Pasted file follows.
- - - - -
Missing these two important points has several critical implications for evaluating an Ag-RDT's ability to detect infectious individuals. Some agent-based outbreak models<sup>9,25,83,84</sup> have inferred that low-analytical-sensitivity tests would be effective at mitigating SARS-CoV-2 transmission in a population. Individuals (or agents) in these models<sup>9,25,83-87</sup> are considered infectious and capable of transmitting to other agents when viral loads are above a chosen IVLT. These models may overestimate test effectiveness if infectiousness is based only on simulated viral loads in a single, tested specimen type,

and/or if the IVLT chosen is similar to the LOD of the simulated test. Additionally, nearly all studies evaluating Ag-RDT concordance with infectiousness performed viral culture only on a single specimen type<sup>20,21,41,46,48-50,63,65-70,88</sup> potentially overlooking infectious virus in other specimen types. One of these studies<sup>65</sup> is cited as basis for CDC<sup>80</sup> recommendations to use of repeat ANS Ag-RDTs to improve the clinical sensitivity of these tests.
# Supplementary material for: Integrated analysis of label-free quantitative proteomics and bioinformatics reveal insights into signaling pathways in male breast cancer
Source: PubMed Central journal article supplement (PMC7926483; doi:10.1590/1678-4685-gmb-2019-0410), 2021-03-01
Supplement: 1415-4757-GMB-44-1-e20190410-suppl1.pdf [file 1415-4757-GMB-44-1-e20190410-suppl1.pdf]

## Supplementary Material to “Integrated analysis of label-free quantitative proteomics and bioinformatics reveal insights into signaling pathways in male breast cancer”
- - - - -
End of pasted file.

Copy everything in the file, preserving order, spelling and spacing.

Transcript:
Missing these two important points has several critical implications for evaluating an Ag-RDT's ability to detect infectious individuals. Some agent-based outbreak models<sup>9,25,83,84</sup> have inferred that low-analytical-sensitivity tests would be effective at mitigating SARS-CoV-2 transmission in a population. Individuals (or agents) in these models<sup>9,25,83-87</sup> are considered infectious and capable of transmitting to other agents when viral loads are above a chosen IVLT. These models may overestimate test effectiveness if infectiousness is based only on simulated viral loads in a single, tested specimen type,

and/or if the IVLT chosen is similar to the LOD of the simulated test. Additionally, nearly all studies evaluating Ag-RDT concordance with infectiousness performed viral culture only on a single specimen type<sup>20,21,41,46,48-50,63,65-70,88</sup> potentially overlooking infectious virus in other specimen types. One of these studies<sup>65</sup> is cited as basis for CDC<sup>80</sup> recommendations to use of repeat ANS Ag-RDTs to improve the clinical sensitivity of these tests.
# Supplementary material for: Integrated analysis of label-free quantitative proteomics and bioinformatics reveal insights into signaling pathways in male breast cancer
Source: PubMed Central journal article supplement (PMC7926483; doi:10.1590/1678-4685-gmb-2019-0410), 2021-03-01
Supplement: 1415-4757-GMB-44-1-e20190410-suppl1.pdf [file 1415-4757-GMB-44-1-e20190410-suppl1.pdf]

## Supplementary Material to “Integrated analysis of label-free quantitative proteomics and bioinformatics reveal insights into signaling pathways in male breast cancer”